Brodrick Nettles is a state trooper in Mississippi with his eye on an FBI job. At SNHU, he focused on a bachelor's degree in justice studies and cyber security. "I wanted to integrate my passion for law enforcement and my love for working with digital devices," he said.
He chose SNHU because he knew it would give his experience even more credibility. Drawn to the school's reputation and accreditation, he also liked that he could complete his degree online on his own timetable, working around the varying shifts of his job. The program built on Nettles' knowledge and experience, creating confidence and credentials to move forward in his career.
If you're considering a career in criminal justice, or, like Nettles, wanting to advance or diversify your current career, SNHU has several options.
SNHU's online BS in Criminal Justice provides an overview of the many aspects, branches and functions of the criminal justice field. You will gain a solid understanding of possibilities and procedures learned from real-world experiences. Through your virtual classroom, you'll have access to a network of faculty and fellow students, some of whom are already working in the industry. You'll also experience simulations of actual scenarios you're likely to face on the job, better preparing you for future roles.
The BS in Criminal Justice will help you pursue or advance a career in a wide variety of fields. You'll craft your own focus with electives ranging from crisis intervention to cross-cultural psychology, white collar crime, terrorism, and more.
If you already know where you want to specialize, you can choose from one of six concentrations.
When asked about important criminal justice careers not seen on TV, Czarnec and Evenson were in agreement: "Corrections," they said.
Contrary to what we might perceive from television, corrections is a crucial aspect of the criminal justice system. It's also an unexpected place to help people. A career in corrections could mean a probation and parole officer, a case manager, or a correctional treatment specialist, to name a few. "We need more people who want to go into that field," said Evenson. "Probation and parole is not often portrayed on TV that much, but they serve a critical role - especially juvenile probation and parole officers. We need more quality people in that field, especially considering the high number of people we have in prison, and number of people we need to help them transition back into society."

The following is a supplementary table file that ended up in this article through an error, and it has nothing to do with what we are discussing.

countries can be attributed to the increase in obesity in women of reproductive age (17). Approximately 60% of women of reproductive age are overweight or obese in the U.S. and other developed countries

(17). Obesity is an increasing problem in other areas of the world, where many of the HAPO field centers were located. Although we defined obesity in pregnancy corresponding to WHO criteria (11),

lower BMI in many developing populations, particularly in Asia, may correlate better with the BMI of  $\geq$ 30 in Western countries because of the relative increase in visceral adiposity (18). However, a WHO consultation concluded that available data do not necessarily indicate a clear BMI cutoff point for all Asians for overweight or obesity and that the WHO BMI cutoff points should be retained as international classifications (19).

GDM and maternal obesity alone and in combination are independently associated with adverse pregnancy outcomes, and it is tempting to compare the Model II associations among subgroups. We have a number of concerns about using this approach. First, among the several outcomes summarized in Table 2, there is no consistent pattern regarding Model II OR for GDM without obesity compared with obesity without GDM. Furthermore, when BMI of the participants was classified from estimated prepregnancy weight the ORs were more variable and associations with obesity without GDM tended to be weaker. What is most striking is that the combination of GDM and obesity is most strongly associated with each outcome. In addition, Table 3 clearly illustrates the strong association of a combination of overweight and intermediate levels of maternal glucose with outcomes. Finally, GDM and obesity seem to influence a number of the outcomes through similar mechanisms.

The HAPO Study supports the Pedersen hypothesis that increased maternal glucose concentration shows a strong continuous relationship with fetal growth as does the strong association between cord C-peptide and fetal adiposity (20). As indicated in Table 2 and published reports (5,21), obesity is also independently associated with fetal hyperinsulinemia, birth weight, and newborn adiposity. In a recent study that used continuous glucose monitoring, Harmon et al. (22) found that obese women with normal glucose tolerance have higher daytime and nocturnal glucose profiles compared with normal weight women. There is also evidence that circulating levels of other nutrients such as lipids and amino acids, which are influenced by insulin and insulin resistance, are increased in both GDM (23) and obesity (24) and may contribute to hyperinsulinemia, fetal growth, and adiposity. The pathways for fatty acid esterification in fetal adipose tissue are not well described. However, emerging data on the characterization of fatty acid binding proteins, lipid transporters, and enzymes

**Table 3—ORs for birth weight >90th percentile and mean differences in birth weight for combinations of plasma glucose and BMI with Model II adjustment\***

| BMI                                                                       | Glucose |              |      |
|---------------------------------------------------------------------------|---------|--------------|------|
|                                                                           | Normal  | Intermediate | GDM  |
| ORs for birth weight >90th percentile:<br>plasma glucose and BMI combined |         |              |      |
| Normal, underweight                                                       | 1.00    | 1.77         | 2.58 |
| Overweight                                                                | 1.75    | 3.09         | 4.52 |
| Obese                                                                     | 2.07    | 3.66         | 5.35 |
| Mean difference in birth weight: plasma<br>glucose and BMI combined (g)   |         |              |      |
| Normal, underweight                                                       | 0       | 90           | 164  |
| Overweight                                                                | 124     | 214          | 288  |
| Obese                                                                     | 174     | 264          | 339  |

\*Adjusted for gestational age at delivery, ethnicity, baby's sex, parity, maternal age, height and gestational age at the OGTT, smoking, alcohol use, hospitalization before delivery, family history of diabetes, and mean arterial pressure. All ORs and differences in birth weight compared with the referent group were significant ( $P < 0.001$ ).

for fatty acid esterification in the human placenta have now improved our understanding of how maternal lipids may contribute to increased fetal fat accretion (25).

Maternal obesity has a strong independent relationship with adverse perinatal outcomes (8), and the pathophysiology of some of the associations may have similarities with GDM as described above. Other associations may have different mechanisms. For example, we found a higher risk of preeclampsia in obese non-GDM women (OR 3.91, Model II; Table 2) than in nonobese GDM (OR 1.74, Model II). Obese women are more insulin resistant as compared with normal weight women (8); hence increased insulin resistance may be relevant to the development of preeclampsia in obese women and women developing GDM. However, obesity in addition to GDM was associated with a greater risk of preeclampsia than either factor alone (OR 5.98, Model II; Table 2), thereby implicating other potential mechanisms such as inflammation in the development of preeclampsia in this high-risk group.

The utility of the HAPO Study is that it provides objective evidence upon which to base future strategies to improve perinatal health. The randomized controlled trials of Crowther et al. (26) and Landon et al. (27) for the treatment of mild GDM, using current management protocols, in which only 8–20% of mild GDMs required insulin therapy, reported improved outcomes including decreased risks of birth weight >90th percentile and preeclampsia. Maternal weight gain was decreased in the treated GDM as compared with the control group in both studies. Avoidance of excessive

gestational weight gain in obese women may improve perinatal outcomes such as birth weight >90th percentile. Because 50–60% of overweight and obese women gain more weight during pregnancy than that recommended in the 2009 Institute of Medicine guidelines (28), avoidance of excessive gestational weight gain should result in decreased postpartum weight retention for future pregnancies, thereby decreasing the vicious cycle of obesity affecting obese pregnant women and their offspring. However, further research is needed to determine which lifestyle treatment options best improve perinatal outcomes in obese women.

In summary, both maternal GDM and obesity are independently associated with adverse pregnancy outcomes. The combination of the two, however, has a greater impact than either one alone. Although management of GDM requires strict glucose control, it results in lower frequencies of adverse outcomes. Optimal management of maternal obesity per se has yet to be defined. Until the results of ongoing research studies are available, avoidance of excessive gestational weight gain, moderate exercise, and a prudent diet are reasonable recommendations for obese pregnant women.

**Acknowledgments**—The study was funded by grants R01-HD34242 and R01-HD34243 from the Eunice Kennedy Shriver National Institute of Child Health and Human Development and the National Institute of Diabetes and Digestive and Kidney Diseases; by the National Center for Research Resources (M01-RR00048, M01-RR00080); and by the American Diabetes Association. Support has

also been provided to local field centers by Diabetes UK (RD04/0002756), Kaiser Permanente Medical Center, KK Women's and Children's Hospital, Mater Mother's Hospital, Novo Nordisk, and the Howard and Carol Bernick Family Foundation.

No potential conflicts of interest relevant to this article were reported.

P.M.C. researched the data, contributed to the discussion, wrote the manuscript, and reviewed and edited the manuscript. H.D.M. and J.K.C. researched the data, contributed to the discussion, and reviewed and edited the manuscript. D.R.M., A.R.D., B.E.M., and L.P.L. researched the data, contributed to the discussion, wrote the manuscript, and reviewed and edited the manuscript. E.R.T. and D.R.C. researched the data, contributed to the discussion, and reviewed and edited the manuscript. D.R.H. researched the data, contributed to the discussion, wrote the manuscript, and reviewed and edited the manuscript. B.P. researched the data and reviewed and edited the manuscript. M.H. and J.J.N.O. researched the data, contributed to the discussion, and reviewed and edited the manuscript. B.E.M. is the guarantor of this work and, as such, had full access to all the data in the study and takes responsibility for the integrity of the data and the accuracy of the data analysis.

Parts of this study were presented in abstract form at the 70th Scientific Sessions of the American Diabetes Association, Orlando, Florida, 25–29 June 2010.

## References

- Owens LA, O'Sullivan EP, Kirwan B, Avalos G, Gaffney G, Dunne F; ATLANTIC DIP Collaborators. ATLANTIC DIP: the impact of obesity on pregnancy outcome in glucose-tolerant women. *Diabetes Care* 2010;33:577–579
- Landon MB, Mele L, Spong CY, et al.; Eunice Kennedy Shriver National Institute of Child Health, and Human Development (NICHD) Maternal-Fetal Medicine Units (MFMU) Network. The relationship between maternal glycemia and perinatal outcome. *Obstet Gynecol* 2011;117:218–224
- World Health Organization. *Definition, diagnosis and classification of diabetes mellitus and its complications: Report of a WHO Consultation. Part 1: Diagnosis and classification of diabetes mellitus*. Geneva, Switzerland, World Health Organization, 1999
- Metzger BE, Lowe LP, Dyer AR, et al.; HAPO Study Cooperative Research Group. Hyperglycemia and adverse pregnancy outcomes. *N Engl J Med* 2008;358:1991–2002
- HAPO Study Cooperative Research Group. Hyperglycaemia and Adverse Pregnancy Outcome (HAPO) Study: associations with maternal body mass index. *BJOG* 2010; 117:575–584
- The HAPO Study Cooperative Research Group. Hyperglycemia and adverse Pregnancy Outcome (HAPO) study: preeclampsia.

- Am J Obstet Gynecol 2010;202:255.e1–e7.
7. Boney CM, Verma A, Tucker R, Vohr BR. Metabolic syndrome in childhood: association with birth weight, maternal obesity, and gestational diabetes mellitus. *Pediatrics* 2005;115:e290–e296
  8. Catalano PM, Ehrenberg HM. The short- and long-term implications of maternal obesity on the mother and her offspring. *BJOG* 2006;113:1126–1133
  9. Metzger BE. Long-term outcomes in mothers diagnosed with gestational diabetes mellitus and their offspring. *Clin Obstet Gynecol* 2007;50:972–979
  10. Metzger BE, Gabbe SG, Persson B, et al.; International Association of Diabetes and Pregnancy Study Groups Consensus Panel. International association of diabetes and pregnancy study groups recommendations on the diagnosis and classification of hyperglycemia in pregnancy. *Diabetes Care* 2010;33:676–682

A concentration in corrections focuses on criminal rehabilitation and reintegration. Covering everything from criminological theories of human behavior to ethical policing, emerging technologies and community relations, this concentration will enhance your practical and problem-solving skills. You'll also wrestle with actual challenges you're likely to face on the job, with guidance from experienced instructors.
"(Current) rates of recidivism are way too high," said Evenson. Capable, trained probation and parole officers can make the difference between a convict who successfully re-enters society, and one who returns to a life of crime.
According to the U.S. Bureau of Labor Statistics, job openings in probation and correctional treatment are usually "plentiful" given the specialized skills necessary to succeed in the field.*
Criminology gets at the root of criminal behavior, focusing on both science and psychology. This concentration is a deeper dive into the factors that draw someone into a criminal lifestyle and make it so difficult to get out.
Since this concentration studies the larger context of crime, your degree can add value to a wide range of careers, including social work, juvenile justice, child/family services, and parole and probation. Depending on your field, you may use your skills to analyze systems and organizations and get at the root of criminal issues.
A concentration in criminology can boost your experience and preparedness, so you're able to work effectively with a variety of populations.
You need only turn on the news to hear the latest stories of global and domestic terrorism. The highly focused concentration in homeland security and counterterrorism at SNHU will give you a deep understanding of this rapidly growing field. By building the strong analytical and policy skills the industry requires, you could start or enhance a career as an intelligence analyst, an investigator, a federal agent, or even a dispute resolution specialist.